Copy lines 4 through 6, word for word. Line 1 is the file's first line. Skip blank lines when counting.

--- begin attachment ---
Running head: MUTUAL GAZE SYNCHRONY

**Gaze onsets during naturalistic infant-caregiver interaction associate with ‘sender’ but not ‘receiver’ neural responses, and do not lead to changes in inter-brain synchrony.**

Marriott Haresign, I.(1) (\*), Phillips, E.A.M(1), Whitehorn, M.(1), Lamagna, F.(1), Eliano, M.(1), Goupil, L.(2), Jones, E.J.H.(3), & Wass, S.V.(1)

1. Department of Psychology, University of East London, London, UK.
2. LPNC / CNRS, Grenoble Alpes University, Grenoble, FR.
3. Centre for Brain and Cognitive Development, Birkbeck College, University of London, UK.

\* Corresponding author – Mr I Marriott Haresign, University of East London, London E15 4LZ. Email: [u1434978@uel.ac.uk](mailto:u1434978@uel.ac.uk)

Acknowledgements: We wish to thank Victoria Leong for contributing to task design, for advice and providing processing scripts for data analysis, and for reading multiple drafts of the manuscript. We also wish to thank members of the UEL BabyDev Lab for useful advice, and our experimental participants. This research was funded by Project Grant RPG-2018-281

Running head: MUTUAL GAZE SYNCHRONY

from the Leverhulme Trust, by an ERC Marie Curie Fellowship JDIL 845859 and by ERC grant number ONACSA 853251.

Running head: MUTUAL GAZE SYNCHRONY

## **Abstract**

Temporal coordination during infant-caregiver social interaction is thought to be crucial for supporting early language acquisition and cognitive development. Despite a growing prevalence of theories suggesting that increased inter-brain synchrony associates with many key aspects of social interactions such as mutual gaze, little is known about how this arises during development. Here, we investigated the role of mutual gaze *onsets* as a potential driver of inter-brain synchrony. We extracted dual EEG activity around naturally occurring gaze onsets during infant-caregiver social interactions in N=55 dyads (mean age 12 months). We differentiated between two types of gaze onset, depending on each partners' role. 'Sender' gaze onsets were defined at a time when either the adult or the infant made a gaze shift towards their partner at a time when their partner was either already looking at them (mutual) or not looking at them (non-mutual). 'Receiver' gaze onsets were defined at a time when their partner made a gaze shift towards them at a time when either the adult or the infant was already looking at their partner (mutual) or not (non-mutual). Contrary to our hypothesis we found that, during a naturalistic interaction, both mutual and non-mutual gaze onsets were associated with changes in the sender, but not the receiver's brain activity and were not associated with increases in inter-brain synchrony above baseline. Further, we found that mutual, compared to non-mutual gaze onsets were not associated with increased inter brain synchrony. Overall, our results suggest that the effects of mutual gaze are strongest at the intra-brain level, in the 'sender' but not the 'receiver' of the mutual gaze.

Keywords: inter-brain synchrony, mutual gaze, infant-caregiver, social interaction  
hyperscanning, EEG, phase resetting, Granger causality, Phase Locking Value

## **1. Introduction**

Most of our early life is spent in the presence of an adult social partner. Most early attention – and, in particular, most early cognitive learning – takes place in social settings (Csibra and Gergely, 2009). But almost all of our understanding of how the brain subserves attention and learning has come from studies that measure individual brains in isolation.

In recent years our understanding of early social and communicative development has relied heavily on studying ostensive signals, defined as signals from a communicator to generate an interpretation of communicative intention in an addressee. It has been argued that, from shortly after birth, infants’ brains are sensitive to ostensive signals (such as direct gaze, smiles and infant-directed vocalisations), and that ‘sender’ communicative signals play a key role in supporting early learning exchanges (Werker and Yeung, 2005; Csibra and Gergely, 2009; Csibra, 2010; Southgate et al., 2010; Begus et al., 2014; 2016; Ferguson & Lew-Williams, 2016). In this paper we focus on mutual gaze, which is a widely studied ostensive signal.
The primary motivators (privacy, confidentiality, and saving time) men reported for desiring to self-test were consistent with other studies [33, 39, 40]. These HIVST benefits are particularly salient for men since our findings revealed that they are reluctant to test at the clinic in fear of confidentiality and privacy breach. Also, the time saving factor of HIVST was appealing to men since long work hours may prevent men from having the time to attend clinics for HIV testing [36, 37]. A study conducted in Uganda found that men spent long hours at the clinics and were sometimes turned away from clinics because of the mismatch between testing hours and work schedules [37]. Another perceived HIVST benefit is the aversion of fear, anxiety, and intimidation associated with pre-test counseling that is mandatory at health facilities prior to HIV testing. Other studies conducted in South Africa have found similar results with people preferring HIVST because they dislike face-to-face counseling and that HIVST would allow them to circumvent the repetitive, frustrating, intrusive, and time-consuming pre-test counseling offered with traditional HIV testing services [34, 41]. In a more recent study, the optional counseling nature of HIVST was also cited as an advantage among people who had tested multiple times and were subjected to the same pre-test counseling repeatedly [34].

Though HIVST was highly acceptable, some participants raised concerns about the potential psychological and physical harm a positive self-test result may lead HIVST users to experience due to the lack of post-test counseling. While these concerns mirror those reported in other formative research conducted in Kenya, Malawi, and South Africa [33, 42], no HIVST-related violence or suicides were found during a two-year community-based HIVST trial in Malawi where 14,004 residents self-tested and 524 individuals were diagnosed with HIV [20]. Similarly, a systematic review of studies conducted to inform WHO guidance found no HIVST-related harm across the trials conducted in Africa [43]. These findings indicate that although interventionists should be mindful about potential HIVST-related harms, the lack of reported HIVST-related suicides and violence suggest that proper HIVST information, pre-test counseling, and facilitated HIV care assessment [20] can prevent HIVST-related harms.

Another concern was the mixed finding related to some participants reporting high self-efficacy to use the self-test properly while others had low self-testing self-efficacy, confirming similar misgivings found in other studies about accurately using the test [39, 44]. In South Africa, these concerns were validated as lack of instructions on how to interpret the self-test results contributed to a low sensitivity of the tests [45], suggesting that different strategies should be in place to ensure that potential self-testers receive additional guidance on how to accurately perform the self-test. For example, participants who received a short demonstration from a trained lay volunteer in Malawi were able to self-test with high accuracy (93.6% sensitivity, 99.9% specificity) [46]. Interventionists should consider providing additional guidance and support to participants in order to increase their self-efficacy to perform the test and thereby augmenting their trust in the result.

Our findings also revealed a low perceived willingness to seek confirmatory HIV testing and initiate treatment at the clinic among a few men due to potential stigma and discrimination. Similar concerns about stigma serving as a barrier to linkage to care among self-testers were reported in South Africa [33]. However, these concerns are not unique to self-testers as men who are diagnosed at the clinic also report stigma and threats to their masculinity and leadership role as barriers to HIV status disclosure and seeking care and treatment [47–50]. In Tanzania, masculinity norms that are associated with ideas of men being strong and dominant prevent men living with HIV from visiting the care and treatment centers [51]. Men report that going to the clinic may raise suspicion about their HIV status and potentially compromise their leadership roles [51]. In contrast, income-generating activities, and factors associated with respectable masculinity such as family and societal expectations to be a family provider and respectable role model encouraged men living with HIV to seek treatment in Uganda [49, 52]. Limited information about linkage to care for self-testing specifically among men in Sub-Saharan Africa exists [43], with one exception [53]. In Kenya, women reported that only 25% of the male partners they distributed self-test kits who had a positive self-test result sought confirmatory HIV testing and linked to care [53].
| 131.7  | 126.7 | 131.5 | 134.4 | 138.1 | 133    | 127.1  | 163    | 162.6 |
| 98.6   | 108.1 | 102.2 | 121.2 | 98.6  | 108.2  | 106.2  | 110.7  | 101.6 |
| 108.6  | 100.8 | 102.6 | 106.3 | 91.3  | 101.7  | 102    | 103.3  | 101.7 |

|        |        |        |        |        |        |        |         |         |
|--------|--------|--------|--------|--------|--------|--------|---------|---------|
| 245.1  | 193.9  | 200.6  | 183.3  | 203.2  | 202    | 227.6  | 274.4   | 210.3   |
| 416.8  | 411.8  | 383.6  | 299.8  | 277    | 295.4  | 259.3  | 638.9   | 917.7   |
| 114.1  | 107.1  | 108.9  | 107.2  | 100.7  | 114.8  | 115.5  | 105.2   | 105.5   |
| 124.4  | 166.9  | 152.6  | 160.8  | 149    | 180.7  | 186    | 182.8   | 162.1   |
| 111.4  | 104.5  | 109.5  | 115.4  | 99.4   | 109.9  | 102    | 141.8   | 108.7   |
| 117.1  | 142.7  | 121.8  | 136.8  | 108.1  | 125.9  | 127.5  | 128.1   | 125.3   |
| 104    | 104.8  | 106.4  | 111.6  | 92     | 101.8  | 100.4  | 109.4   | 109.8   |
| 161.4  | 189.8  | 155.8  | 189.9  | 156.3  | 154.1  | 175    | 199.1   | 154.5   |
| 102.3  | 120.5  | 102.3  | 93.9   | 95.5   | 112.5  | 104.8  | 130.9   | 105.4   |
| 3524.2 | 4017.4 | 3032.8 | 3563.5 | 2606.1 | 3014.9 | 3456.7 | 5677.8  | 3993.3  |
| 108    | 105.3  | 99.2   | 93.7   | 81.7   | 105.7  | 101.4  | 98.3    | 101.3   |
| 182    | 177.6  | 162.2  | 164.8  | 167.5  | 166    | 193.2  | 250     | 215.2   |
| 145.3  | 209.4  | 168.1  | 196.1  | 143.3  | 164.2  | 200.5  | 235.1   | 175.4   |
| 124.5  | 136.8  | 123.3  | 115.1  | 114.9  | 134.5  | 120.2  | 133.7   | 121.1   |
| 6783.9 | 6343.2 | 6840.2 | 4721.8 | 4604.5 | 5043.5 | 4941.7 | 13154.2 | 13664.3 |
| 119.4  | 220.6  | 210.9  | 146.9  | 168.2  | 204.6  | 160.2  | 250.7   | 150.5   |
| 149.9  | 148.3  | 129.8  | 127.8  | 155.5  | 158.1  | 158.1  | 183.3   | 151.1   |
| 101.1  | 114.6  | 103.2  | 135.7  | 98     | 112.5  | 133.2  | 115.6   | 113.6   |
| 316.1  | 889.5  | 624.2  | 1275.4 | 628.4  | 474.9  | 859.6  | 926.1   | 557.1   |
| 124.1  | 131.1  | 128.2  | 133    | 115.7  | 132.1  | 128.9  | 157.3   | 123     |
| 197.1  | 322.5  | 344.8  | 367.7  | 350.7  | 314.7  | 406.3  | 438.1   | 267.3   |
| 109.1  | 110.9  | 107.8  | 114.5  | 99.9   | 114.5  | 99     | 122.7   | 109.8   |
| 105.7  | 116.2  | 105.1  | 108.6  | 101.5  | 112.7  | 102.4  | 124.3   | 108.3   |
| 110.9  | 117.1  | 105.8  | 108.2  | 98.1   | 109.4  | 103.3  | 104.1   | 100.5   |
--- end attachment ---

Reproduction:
1. Department of Psychology, University of East London, London, UK.
2. LPNC / CNRS, Grenoble Alpes University, Grenoble, FR.
3. Centre for Brain and Cognitive Development, Birkbeck College, University of London, UK.